The first couplet includes an internal rime, as well as and end rime: "forsook - shook." Also, interestingly, the poet has employed avianification (akin to the device, "personification") by metaphorically giving a gentle breeze a "wing," a feature belonging to a bird.

Second Movement: The Colors of Beauty

The speaker then notes that the streams are babbling gently and birds are continuing to offer their songs to the atmosphere. The birds’ music seems to blend with other features of the landscape as their singular notes continue to waft on the breeze.

She has the stream purling, instead of merely babbling; this speaker is colorfully describing each natural object for the purpose of incorporating them into her collection of images, which she will offer to the day’s end.

The speaker then remarks that through the sky swirl many various colors that she deems to be "beauteous," as they stretch across the blue expanse. However, she finds those hues that appear in "the west" to be the "deepest red," and she implies that the oncoming sunset will cap the day in a marvelous and glorious procession.

The speaker finds unusual as well as deeply spiritual ways of describing what she sees. She is offering her words, her images, and her thoughts to her Divine Creator; thus, she remains careful to choose each image and description with precision, for example, the west does not merely feature "deepest red," but it also "glories" in that color.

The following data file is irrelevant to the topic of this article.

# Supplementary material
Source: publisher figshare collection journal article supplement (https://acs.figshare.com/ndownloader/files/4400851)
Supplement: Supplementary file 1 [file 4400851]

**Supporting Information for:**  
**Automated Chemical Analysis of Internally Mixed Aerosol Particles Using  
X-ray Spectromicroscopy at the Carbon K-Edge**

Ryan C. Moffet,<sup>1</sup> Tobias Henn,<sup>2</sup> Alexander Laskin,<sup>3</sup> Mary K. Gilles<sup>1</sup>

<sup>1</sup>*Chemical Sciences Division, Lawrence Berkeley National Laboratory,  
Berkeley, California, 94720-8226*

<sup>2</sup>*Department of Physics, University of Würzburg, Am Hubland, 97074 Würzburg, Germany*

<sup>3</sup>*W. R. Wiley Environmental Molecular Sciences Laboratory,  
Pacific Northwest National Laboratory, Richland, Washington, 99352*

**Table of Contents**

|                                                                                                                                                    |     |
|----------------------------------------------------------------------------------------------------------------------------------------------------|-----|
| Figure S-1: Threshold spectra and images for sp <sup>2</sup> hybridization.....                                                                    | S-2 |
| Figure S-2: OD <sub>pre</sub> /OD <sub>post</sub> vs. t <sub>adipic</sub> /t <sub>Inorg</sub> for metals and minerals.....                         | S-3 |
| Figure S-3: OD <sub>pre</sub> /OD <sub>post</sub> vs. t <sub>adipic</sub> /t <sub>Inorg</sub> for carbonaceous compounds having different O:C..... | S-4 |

Making each word and each image work its magic demonstrates the poet’s skill and mastery of her art.

Third Movement: A Supplication for Gratitude

The speaker then turns to the hearts and minds of humanity, prayerfully supplicating for those hearts and minds to "glow," filled with "ev’ry virtue." She hopes that the lives of all humankind become and remain "temples" on earth dedicated to the Belovèd Creator.

She includes all of humanity in her supplication as she effuses, "may our breasts" glow as living temples.

The speaker wishes that all of humanity become full of praise for the Blessèd Creator of the cosmos; that Creator, Who had given "the light" also will close the "curtains of the night": again the speaker has shown her marvelous skill by describing those "curtains" as "sable."

The speaker then prays that all of humanity may sleep peacefully and become refreshed so that the next day’s existence becomes "more heav'nly, more refin’d." She hopes and prays that each day will find humanity to be living more and more on a grand scale of plain living and high thinking.

As she includes herself in her prayer, she demonstrates her humility and deep inner awareness of the needs of all humankind.

Fourth Movement: Prayer for Virtuous Living

After a night’s peaceful, invigorating rest of the body and mind, each child of the Divine Creator may begin his/her work, chastened and strengthened by the gratitude of finding a safe harbor in the Blessèd Lord.

The speaker prays that all be turned from "the snares of sin." Again, the speaker is demonstrating her ethical and moral strength as she wishes for all of humankind the same rectitude she desires for herself.

The speaker then closes her song of praise for the Belovèd Creator’s beauty in creation by colorfully comparing the closing of her own sleepy eyes—her "drowsy eyes"—to being touched by a royal, magical wand.

She then bids her hymn end and allow her the sleep she now needs; thus, she prays for herself a soothing slumber until morning, when the Roman goddess, "Aurora," brings in a new day with dawn.

© 2021 Linda Sue Grimes